Financial planning in your 70s + MORE Oct 12th

All about Retirement Planning in Canada. Learn the ins and outs and get the latest news.
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The 60/40 portfolio: A phoenix or a dud for retirees? + MORE Oct 26th

For Canadian investors, one of the biggest shocks of 2022 is how poorly balanced mutual funds, exchange-traded funds (ETFs) and portfolios have performed. Investors with funds based on the classic pension fund asset allocation of 60% in stocks and 40% in bonds have been bewildered to experience loss.... More »

What’s my RRSP contribution limit for 2022? Nov 16th

If you’re like many Canadians, you’re hoping you’ve paid enough tax in 2022 and may even be looking forward to a hefty tax refund. (The deadline for filing this year is April 30, 2023, and since that date falls on a Sunday, you actually have until May 1, 2023 to file.) You can help ensure that.... More »

How do the RRSP contribution carry forward rules work? Nov 2nd

If I have $25,000 contribution room left in my RRSP, can I take that all at once plus my regular RRSP contribution of $27,230 for the tax year 2020? Effectively making a contribution of $57,230 to my RRSP?— Lorraine The rules around RRSP contribution room  As soon as a taxpayer starts t.... More »

What’s my RRSP contribution limit for 2022? + MORE Dec 21st

This RRSP contribution room calculator will get you the numbers you need, but keep reading for a better understanding of RRSPs. If you’re like many Canadians, you’re hoping you’ve paid enough tax in 2022 and may even be looking forward to a hefty tax refund. (The deadline for filing th.... More »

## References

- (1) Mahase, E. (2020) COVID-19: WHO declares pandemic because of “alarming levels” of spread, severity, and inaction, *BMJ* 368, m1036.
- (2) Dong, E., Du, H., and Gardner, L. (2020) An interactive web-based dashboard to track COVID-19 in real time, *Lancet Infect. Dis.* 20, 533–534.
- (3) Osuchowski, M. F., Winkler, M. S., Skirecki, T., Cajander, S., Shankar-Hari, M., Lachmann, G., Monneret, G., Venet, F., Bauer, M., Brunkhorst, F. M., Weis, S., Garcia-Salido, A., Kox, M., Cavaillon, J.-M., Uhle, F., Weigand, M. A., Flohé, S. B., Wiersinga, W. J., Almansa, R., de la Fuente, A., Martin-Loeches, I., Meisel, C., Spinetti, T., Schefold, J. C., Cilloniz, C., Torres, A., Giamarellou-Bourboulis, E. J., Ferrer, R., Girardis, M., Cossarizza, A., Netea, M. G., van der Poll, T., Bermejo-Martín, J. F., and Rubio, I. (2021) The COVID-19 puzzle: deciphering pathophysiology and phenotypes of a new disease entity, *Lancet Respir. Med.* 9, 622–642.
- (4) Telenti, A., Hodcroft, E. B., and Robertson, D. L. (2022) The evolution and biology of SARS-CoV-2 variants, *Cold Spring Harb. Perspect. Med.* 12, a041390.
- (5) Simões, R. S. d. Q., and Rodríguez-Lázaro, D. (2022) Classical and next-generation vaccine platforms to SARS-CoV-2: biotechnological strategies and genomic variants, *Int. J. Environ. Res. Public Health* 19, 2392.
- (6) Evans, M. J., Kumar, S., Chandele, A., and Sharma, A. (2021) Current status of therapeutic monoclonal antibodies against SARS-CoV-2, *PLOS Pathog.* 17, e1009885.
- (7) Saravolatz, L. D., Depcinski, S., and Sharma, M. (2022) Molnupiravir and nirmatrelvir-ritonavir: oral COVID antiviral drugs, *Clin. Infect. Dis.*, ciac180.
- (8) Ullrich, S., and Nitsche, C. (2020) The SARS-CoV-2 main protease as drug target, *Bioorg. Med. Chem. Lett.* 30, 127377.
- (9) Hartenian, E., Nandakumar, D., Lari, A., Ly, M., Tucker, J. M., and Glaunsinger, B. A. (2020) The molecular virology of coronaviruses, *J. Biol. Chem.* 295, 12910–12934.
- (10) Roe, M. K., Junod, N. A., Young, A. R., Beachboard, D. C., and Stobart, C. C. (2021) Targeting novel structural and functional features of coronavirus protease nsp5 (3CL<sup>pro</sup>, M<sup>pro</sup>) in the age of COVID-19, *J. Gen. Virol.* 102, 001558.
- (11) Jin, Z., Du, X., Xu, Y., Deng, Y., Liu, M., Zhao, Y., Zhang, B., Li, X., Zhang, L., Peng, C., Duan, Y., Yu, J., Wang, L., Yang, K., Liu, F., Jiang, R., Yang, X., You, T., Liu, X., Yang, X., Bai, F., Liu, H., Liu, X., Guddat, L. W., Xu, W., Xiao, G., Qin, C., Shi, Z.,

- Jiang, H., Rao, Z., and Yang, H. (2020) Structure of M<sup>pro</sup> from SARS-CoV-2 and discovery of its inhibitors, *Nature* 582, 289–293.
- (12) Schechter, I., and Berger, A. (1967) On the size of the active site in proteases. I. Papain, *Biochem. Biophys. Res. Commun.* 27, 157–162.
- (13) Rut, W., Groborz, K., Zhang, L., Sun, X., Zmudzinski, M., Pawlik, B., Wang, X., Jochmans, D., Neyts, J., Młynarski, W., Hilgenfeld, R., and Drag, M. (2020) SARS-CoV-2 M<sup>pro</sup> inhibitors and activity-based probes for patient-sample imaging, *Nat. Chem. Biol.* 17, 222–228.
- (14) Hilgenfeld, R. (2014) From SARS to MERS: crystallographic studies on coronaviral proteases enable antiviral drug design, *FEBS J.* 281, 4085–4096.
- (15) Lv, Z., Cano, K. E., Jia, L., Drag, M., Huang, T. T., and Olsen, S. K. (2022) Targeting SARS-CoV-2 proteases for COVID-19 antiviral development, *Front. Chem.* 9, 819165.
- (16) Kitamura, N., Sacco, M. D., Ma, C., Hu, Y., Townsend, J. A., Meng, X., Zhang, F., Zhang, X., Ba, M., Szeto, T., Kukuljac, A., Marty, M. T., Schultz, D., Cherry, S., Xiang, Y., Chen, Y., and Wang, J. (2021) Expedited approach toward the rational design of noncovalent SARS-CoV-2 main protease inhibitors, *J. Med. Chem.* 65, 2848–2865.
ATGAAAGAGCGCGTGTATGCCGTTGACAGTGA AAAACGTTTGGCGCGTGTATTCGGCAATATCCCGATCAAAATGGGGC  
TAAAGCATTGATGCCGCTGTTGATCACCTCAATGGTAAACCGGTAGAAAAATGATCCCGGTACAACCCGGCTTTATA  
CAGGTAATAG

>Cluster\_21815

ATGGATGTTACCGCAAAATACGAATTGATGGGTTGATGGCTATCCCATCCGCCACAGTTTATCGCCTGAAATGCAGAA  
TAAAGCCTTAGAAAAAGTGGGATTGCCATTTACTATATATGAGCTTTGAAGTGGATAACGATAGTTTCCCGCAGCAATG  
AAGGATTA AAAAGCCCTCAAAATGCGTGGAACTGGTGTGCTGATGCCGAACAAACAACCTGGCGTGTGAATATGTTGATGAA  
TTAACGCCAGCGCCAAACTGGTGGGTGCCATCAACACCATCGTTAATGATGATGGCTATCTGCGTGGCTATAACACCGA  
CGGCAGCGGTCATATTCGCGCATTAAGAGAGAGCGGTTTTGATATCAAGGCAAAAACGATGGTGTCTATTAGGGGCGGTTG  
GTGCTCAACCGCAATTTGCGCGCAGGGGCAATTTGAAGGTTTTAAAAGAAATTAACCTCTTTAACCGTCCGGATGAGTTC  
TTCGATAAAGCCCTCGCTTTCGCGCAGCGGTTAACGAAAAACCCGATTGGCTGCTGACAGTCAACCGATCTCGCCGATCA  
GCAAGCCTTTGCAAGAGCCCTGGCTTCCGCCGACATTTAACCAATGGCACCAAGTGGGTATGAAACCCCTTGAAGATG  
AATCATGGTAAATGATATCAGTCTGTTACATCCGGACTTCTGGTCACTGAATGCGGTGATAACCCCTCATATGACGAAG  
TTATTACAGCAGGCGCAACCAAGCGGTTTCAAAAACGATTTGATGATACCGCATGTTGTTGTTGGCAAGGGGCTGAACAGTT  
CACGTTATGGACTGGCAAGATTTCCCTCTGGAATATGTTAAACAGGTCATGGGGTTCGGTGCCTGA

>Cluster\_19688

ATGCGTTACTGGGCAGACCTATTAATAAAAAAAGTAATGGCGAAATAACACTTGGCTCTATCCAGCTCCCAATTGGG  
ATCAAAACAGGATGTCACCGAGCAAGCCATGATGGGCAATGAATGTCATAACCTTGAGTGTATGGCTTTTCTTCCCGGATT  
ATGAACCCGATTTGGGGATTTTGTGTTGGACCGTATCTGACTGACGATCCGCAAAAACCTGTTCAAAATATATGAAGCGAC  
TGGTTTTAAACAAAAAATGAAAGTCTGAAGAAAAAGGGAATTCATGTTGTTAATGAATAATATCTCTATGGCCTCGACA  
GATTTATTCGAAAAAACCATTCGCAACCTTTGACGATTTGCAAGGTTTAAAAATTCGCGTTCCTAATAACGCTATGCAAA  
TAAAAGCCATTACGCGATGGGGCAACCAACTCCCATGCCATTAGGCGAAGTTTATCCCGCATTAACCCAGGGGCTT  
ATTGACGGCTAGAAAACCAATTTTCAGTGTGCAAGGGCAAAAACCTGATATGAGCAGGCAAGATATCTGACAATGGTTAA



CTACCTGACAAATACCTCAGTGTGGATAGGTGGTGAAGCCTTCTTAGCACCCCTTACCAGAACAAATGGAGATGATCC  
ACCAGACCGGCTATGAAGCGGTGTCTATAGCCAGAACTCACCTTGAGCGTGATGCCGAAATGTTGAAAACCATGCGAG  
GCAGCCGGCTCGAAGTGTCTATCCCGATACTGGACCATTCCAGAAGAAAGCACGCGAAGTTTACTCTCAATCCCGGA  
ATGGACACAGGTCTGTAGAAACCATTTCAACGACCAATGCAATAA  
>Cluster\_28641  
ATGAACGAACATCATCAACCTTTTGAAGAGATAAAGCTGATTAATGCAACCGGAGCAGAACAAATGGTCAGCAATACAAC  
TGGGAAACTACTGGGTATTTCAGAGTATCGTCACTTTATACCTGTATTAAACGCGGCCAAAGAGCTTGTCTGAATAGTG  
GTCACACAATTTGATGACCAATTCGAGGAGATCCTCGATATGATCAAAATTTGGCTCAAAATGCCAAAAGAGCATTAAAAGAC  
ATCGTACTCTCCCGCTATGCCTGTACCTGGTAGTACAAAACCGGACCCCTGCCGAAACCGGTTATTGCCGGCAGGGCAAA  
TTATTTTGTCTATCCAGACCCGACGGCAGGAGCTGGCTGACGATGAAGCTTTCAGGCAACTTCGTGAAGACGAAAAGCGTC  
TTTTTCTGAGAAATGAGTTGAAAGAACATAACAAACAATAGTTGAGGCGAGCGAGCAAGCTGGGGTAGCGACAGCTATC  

Should you collect CPP and OAS while working in your 60s? Dec 7th

I have lived in Canada for 24 years and I’m 65 years old now. I am still working at a company making a $78,000 salary. Since my health condition is OK, I am going to continue to work for two to four years. My question is: In my situation, it is better for me to apply for OAS and CPP now or delay t.... More »
For retirees and near-retirees, at least five dire possibilities can threaten a long and fruitful retirement: taxes, investment fees, crumbling stock markets, soaring interest rates and inflation. 

We can largely control the first two by maximizing the use of tax-effective vehicles like TFSAs, RRSPs and RRIFs, and avoiding high-fee investment solutions. Stock market returns and interest rates are trickier, typically addressed by ensuring that the traditional free lunch of diversification and asset allocation are commensurate with your financial resources and lifestyle objectives. 

But what about inflation? Throughout 2022, inflation has remained elevated, triggered by the COVID recovery and stimulative monetary policy by way of ultra-low interest rates. Central banks in Canada and abroad have done an about-face, raising rates to try to slow down spending and cool inflation.

If you’re contemplating retirement or semi-retirement, is inflation a sufficient threat to consider postponing it? We tackled similar ground in this space a year ago, shortly after the COVID bear market hit…

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When most people think about financial planning, they think about saving and investing for retirement. That is certainly a part of it, but financial planning is much more holistic.
Here are a few financial planning strategies for those approaching or into their 70s. If you are not there yet, bookmark this for future you, or share it with older family members for whom it may apply.
RRSPs
An account holder can only have a registered retirement savings plan (RRSP) until December 31 of the year they turn 71. By that time, they must either convert their RRSP to a registered retirement income fund (RRIF) or purchase an annuity from an insurance company that provides a regular payment for life. 
The conversion age used to be 69, but was increased to the current age 71 in 2007. I find in the course of my work as a Certified Financial Planner that some people still think it is 69. It often makes sense to take RRSP withdrawals prior to age 72, and even convert your RRSP to a RRIF as early as age 65…

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